Last but not least, is the concern over security and encryption of communication between various services and JumpCloud or any DaaS solution. Although JumpCloud does allow clear text LDAP, they also provide and encourage either LDAPS or LDAP with STARTTLS. I was more familiar with LDAPS and configured one of the Proxmox hosts to authenticate with JumpCloud.
Being a bit curious, I tried both clear text LDAP and encrypted LDAPS and captured the corresponding packets on the host (with tshark). I then transferred the files to my desktop and analyzed them with WireShark.
Below you can see the clear text LDAP authentication. Proxmox host sends out the request and after ACK from JumpCloud, initiates the LDAP authentication process. Digging deeper into the packets, you can see all the sensitive information such as LDAP bind user and end user’s password in plain text. I left my (test) password there intentionally because it really does make you think when you see this in real life and in a real packet leaving one of your servers out to the open net!
After seeing the horror of plain text authentication, I switched to LDAPS and performed another packet capture. Proxmox sends out the request, JumpCloud sends back ACK and you see TLS negotiation and handshake! All the communication is then encrypted with JumpCloud’s public key.
I don’t even need to hide anything from this screenshot and application data shows encrypted LDAP communication, which contains all those clear text passwords, user info and even my JumpCloud LDAP instance information!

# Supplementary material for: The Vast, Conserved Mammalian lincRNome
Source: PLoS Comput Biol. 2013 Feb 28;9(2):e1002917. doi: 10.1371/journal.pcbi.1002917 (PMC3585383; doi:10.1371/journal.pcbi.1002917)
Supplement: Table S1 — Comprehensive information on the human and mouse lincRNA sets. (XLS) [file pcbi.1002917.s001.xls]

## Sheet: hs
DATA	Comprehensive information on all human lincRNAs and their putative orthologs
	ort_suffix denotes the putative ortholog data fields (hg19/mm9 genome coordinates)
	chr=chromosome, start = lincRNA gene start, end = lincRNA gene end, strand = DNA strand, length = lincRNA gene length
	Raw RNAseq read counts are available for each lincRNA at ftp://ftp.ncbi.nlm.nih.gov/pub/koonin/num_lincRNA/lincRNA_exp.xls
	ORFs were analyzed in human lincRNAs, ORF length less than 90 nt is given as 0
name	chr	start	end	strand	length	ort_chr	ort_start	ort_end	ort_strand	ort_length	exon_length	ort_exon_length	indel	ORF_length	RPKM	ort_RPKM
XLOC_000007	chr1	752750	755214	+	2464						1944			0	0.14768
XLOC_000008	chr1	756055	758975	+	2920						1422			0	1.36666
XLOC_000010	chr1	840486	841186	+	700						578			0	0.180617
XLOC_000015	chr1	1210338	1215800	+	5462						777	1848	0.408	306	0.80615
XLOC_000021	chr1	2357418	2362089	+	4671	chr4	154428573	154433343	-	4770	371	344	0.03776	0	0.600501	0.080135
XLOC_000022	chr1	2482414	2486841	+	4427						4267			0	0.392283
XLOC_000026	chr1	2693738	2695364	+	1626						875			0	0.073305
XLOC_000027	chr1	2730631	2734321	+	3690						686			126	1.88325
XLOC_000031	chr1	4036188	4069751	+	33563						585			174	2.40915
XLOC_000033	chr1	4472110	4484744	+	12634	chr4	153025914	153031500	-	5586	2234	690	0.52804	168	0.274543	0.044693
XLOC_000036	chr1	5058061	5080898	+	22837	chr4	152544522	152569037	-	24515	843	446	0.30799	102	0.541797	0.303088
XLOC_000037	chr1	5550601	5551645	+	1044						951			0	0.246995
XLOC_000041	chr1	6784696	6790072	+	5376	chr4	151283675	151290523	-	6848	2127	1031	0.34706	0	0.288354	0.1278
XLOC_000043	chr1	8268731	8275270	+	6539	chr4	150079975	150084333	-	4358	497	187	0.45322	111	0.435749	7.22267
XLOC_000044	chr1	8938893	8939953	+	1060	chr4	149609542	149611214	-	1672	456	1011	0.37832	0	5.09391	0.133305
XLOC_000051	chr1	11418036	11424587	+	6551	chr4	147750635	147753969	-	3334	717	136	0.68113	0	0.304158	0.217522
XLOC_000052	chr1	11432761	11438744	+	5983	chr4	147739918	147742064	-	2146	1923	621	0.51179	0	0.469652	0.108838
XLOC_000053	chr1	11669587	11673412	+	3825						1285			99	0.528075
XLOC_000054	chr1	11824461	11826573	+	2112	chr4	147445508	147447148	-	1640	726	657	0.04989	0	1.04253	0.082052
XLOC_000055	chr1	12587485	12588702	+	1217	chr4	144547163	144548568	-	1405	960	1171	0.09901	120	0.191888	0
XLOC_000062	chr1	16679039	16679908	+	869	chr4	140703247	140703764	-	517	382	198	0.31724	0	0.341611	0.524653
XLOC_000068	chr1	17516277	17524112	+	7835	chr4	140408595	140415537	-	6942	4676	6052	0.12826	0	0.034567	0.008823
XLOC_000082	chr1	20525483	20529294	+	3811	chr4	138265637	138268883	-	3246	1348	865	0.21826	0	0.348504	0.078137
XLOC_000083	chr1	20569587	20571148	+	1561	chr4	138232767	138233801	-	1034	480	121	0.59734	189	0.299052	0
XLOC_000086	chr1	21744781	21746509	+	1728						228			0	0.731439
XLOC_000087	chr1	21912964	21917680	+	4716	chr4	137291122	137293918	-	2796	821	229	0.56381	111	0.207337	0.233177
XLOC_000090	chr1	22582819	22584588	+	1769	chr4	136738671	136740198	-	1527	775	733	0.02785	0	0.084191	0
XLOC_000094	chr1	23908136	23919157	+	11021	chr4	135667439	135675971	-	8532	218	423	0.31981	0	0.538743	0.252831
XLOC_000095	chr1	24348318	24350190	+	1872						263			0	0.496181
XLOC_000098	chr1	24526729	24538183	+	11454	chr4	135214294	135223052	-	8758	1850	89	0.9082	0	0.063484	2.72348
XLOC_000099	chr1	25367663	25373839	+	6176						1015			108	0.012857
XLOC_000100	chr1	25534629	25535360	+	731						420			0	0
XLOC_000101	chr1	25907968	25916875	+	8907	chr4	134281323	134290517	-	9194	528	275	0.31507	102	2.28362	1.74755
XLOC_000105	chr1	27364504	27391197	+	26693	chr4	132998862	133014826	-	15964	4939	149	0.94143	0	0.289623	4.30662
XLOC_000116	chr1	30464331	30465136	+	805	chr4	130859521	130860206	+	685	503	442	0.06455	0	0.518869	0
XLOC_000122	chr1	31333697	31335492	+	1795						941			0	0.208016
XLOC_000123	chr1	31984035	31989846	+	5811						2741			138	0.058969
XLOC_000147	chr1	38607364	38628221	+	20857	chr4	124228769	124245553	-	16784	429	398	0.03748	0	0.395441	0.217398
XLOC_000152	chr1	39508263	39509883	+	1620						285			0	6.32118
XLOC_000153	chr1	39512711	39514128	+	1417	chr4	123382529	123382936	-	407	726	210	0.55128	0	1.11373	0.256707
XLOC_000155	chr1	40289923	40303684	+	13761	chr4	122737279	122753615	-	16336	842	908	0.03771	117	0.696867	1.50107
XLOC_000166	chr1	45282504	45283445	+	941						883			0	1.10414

JumpCloud is a very promising platform. It is very easy to sign up and start in the free tier without any financial commitment. The unrestricted free tier is also perfect for trialing JumpCloud and presenting a fully functional POC.
There are also features like MDM (Apple devices) and SSO for applications to help reduce pain points in enterprise environments.
JumpCloud free is limited to only 10 users AND 10 systems which is a great start. The subscription model is per user and you can also customize it to fit your requirements. If you’re wondering about the number of systems you can manage in a paid model, it is a ratio of 4 systems to 1 user according to Rajat.
When you are a paid customer you receive a ratio of 4 systems to 1 user, so if you had 100 users, you could manage 400 systems.
Disclaimer This is not a sponsored review of JumpCloud and by no means an advice to subscribe or use the service.